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Bill Russell: Hall of Famer and civil rights icon

The Naismith Memorial Basketball Hall of Fame has made Russell one of its headlining Class of 2021 inductees, and his civil rights legacy will also be at the top of his many accolades.
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Give them their flowers while they are alive, and as often as you can, especially when it comes to someone like Bill Russell. The Naismith Memorial Basketball Hall of Fame has made Russell one of its headlining Class of 2021 inductees, and his civil rights legacy will also be at the top of his many accolades.

Russell has already been inducted into the Hall of Fame as a player in 1974 and is now entering as a coach.  Both are well-deserved.

Russell was the foundation of the Boston Celtics’ rule in the 1960s. He is a five-time NBA Most Valuable Player and a 12-time All-Star with 21,620 career rebounds. Russell was known by many as the greatest basketball player of all time until the rise of Michael Jordan in the 1980s.

William Felton Russell was born on February 12, 1934 in Monroe, Louisiana. He moved to San Francisco and attended McClymonds High School in Oakland. Though he was an average player at McClymonds, he earned a scholarship to the University of San Francisco due to his size.

Russell, standing slightly over 6-feet-9, thrived at the University of San Francisco, where he led Dons to 56 consecutive wins and NCAA championships in 1955 and 1956. In 1955, Russell was named the NCAA Tournament Most Outstanding Player.

Celtics coach and general manager, Red Auerbach traded with the St. Louis Hawks to get Russell on his team. Russell was a dominant force on defense and rebounds, which the Celtics desperately needed.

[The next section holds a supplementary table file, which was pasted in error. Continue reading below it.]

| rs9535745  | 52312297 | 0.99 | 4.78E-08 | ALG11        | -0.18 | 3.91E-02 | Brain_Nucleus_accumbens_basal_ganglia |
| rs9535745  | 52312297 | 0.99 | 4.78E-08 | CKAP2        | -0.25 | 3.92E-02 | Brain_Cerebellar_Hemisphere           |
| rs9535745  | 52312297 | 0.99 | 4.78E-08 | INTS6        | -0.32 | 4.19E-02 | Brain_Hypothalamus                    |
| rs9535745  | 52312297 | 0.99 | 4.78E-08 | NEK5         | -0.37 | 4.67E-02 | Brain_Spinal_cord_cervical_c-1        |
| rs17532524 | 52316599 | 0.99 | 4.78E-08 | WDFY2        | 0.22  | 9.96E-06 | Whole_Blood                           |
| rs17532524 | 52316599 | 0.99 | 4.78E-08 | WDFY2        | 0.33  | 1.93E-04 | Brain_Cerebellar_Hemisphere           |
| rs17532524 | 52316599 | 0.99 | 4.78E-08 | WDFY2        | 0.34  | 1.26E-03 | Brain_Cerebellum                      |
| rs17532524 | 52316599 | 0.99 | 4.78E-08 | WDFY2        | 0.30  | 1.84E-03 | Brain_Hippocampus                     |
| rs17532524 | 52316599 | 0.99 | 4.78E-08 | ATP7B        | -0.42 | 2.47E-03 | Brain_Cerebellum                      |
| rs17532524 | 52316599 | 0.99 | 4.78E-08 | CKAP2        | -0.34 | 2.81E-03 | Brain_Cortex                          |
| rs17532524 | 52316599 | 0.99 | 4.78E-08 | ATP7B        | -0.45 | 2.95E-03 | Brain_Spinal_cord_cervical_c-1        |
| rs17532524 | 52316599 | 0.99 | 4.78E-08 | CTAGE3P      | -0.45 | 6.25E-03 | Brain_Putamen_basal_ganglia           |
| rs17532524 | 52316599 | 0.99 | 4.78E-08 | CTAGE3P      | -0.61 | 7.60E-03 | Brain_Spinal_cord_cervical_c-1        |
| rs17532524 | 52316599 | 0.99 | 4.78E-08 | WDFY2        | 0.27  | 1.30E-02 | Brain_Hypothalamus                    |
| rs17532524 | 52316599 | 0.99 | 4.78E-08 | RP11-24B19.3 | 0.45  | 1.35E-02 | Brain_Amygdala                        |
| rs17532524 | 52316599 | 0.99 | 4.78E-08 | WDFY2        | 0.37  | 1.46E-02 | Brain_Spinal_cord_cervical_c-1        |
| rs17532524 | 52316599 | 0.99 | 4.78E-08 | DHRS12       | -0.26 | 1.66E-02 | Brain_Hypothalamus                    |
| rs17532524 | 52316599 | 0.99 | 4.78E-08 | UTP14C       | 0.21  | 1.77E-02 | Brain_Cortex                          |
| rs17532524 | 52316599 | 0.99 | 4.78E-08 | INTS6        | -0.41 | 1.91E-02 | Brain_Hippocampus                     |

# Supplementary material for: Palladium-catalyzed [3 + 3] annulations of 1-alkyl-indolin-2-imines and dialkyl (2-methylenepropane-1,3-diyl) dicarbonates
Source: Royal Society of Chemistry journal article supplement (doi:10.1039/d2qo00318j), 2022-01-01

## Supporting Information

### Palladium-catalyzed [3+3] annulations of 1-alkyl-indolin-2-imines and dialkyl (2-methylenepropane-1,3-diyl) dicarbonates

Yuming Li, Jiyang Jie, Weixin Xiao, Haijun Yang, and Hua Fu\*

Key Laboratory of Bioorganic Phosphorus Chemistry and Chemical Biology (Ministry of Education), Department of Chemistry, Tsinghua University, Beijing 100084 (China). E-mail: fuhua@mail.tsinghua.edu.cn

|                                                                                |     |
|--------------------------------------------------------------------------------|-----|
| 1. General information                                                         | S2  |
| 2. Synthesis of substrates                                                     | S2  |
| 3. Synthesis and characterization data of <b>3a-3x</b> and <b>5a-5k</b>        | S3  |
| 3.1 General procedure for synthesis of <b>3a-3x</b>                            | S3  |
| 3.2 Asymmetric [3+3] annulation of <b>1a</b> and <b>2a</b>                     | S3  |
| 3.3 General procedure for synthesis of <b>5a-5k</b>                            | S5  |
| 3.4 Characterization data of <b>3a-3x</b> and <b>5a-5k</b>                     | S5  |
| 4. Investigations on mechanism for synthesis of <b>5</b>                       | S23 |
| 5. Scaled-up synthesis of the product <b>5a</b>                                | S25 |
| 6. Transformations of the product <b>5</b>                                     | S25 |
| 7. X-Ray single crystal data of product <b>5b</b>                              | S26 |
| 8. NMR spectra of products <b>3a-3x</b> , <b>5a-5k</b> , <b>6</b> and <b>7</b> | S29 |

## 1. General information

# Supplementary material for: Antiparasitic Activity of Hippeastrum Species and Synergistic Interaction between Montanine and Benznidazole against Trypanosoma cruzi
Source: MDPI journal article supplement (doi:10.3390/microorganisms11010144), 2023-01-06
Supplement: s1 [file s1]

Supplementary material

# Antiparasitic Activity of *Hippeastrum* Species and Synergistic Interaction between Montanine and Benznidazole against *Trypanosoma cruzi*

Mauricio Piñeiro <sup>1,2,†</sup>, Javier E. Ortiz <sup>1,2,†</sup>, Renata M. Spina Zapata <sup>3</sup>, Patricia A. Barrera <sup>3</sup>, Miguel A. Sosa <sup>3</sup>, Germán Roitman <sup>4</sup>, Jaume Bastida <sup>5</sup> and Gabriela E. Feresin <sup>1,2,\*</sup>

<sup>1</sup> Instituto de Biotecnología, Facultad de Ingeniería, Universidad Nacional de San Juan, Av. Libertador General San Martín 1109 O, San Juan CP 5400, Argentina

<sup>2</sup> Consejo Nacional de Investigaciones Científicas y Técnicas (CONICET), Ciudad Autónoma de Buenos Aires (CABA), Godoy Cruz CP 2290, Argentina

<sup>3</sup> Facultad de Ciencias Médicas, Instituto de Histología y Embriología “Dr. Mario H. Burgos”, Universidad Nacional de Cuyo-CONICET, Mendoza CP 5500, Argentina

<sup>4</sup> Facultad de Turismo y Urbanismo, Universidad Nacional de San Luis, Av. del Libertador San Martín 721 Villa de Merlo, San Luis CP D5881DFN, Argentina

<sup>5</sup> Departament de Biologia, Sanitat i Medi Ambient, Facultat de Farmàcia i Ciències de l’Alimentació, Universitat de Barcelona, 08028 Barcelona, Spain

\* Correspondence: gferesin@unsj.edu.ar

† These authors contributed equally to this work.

In a league where the winning depended on offensive strategies, Russell changed professional basketball with his defensive prowess. He intimidated players with blocked shots and proved that it didn’t take a shooter to win a game.  Russell revolutionized the way the game was played and led the Boston Celtics to 11 NBA championships.

Auerbach retired after another championship in the 1965-66 season, and Russell became the player-coach for the following season. It was then that he became the first African American coach in the league. After the Celtics won their 11th championship, Russell retired and resurfaced as a coach for other NBA teams.

While Russell revolutionized basketball, his greatest impact is his fight for racial justice in America throughout his playing career.  Russell was a star in the NBA during the era of Jim Crow – laws designed to marginalize African Americans by denying them education, the right to vote and employment.

In 1961, Russell led a player protest refusing to play after several Black players on the Boston Celtics were refused service at the Phoenix Hotel coffee shop in Lexington, Kentucky, while they were in town to play the St. Louis Hawks. Russell convinced the Black players on the Hawks and Celtics team to protest.

In 1963, Russell stood alongside Dr. Martin Luther King in the March on Washington and in 1967, he joined NFL stars Jim Brown and Bobby Mitchell, Lew Alcindor (now Kareem Abdul-Jabbar) and others in support of Muhammad Ali’s refusal to be drafted for the Vietnam war.

“It is the first time in four centuries that the American Negro can create his own history,” Russell wrote in the 1960s. “To be part of this is one of the most significant things that can happen.”

Today, Black athletes credit Russell with giving them courage to stand for social justice.

“Because of you, it is okay to be an activist and an athlete,” Celtics guard Jaylen Brown said in a recent tribute video to Russell.  “Because of you, kids that look like you believe that they can win. Because of you, there is a standard for being a human being and being an athlete. Because of you, it is okay to be more than just a basketball player. Because of you, I am proud to be a Celtic.”

Another shining achievement came in 2011 when former U.S. President Barack Obama awarded Russell with the Presidential Medal of Freedom, describing him as “someone who stood up for the rights and dignity of all men.”

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